LONDON: The UK government has announced the sale of its remaining 30 percent share in Britain's Royal Mail this year as part of a £4.5 billion plan to reduce public sector debt.
Current value of the stake is £1.5 billion, based on a share price of 526 pence, and when sold will complete a privatization program that began in October 2013 and raised £1.7 billion.
A day after the flotation that saw 10 percent of the shares going to employees, the Royal Mail stock price rose to 455 pence - valuing the company at £4.55 billion and leading to charges the government had undersold it.
Of the remaining stake, Conservative government finance minister George Osborne said: "It is the right thing to do for the Royal Mail, the businesses and families who depend on it – and crucially for the taxpayer." He added that reducing the country's public debt would deliver lasting economic security: "For as everyone knows, when it comes to living within your means, the sooner you start the smoother the ride."
As part of his latest budget cuts, Osborne also announced the UK Department for Transport will sell land adjacent to London's King's Cross railway station that has a current book value of £345 million.
In May, Royal Mail reported a 2014 pre-tax profit of £400 million on revenue of £9.42 billion. Total investment increased from £617 million to £658 million during the period as net debt fell from £555 million to £275 million.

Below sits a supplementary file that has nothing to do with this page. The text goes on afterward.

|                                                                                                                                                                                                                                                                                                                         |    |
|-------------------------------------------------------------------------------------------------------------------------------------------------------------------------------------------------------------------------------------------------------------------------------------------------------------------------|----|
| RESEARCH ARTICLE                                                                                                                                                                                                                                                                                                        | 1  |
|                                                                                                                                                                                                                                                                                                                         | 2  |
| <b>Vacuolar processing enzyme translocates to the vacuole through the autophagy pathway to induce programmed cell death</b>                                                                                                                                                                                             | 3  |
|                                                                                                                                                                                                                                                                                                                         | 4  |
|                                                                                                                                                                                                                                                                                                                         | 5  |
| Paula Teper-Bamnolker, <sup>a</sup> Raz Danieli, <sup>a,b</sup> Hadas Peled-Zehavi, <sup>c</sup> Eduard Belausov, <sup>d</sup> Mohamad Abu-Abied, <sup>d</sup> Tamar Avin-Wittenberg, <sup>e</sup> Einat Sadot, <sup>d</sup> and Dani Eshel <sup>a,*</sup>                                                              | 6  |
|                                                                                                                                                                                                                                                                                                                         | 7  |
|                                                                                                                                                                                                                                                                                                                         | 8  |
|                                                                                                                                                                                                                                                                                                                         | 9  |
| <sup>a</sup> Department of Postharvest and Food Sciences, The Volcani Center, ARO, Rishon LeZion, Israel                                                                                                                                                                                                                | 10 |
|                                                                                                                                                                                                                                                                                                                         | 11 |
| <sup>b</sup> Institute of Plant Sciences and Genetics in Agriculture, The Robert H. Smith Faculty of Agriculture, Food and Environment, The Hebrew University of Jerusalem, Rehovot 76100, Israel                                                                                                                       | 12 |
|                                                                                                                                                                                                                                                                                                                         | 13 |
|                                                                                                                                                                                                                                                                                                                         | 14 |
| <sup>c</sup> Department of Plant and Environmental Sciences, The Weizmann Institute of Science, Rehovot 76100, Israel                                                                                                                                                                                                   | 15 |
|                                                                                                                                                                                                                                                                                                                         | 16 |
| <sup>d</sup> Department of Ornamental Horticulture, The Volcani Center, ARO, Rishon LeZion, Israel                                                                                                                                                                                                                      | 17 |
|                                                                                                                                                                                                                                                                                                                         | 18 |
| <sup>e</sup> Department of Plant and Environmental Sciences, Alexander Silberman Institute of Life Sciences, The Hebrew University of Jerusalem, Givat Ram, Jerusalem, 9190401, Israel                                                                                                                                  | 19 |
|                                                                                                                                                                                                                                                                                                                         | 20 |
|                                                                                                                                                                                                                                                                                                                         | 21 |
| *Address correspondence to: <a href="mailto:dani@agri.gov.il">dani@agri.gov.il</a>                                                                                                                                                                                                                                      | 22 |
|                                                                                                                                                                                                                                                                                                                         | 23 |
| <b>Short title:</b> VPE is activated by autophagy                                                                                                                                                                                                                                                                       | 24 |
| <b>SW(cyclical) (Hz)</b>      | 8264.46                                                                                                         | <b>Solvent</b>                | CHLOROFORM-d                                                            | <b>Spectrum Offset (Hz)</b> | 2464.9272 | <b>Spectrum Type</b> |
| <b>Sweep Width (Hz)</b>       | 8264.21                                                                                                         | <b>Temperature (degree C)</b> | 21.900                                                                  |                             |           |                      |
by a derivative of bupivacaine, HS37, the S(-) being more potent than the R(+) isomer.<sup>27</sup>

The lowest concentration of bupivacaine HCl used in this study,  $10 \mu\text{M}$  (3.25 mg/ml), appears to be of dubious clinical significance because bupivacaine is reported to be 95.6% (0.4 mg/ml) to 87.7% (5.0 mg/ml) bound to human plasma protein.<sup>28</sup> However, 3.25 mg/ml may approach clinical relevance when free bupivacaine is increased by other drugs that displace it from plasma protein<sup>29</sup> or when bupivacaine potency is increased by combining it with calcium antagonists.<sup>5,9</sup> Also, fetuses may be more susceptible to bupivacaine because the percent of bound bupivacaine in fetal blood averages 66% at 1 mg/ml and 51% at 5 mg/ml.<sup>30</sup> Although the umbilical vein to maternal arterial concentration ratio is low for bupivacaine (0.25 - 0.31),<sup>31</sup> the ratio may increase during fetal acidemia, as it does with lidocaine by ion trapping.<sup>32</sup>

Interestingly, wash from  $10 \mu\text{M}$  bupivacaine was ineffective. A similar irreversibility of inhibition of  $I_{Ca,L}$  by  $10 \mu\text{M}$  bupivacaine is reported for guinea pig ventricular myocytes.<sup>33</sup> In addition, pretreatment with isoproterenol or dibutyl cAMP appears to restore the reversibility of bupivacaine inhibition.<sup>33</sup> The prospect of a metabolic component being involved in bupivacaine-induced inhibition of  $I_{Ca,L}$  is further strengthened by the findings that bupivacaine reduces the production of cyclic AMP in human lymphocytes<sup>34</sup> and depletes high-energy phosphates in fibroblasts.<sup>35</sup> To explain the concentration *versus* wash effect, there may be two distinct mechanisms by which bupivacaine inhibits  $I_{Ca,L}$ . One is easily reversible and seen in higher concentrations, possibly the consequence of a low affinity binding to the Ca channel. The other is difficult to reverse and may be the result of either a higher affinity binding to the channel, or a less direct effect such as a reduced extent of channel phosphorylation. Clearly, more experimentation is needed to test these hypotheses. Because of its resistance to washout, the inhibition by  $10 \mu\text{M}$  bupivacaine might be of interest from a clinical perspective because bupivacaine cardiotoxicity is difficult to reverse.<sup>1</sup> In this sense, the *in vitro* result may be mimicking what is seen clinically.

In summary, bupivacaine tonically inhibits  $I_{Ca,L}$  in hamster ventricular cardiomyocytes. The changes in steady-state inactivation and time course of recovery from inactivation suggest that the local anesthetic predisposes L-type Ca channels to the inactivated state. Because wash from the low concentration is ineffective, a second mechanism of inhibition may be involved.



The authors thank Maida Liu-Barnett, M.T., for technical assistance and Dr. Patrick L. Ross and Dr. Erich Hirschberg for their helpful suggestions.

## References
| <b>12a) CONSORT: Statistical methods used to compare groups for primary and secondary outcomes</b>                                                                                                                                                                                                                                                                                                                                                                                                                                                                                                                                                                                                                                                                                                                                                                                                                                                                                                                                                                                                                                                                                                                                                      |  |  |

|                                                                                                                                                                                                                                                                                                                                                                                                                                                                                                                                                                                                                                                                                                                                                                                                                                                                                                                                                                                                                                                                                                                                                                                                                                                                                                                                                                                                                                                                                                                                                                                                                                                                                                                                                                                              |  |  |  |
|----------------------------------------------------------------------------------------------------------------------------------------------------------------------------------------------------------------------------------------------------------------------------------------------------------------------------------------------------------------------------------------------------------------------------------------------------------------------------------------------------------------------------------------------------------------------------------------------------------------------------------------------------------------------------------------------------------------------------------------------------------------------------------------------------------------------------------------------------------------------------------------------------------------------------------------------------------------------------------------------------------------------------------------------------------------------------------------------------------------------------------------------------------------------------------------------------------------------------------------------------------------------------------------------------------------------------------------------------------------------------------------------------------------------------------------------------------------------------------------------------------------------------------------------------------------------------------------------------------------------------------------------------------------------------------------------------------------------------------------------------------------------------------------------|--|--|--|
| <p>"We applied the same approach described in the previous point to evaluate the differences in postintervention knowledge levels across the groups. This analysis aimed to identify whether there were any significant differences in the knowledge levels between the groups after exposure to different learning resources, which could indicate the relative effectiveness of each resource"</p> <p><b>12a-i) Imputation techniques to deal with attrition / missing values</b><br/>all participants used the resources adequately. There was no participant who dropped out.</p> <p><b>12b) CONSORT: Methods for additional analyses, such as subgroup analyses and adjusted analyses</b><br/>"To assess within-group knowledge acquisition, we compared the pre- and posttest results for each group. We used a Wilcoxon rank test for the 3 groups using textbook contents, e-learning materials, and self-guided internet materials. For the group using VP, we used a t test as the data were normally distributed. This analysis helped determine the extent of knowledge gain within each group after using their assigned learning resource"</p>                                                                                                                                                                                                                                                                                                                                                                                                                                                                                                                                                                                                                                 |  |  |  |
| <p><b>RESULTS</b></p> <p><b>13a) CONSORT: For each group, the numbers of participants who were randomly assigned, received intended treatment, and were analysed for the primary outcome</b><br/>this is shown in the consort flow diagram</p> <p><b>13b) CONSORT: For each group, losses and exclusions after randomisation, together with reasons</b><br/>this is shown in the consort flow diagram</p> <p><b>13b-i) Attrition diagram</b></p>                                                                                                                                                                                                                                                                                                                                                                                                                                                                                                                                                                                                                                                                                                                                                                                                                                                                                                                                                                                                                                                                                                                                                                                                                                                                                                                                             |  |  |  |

CEO Moya Greene (right) commented: "We have delivered operating profits in line with our expectations. Our continued focus on efficiency resulted in a better than expected UK cost performance, offsetting lower than anticipated UK parcel revenue. At the same time we have delivered a large number of innovations at pace as we transform our business."
The company said parcel delivery volume in the UK covering business-to-consumer (B2C), consumer-to-any-recipient (C2X) and business-to-business (B2B), will grow at four percent per annum in the medium term. "However, we estimate that the impact of Amazon delivering an increasing number of parcels using its own delivery network will reduce the annual rate of growth in our addressable market to around 1-2 per cent in the short term."
The fastest areas of growth for UK parcels traffic is expected to be clothing, footwear, toys and sports equipment.
In March this year, the company launched a shopfront on Alibaba's Tmall Global e-marketplace. The platform will offer 300 million Chinese consumers the opportunity to buy British products and have them delivered by Royal Mail's Parcelforce Worldwide service.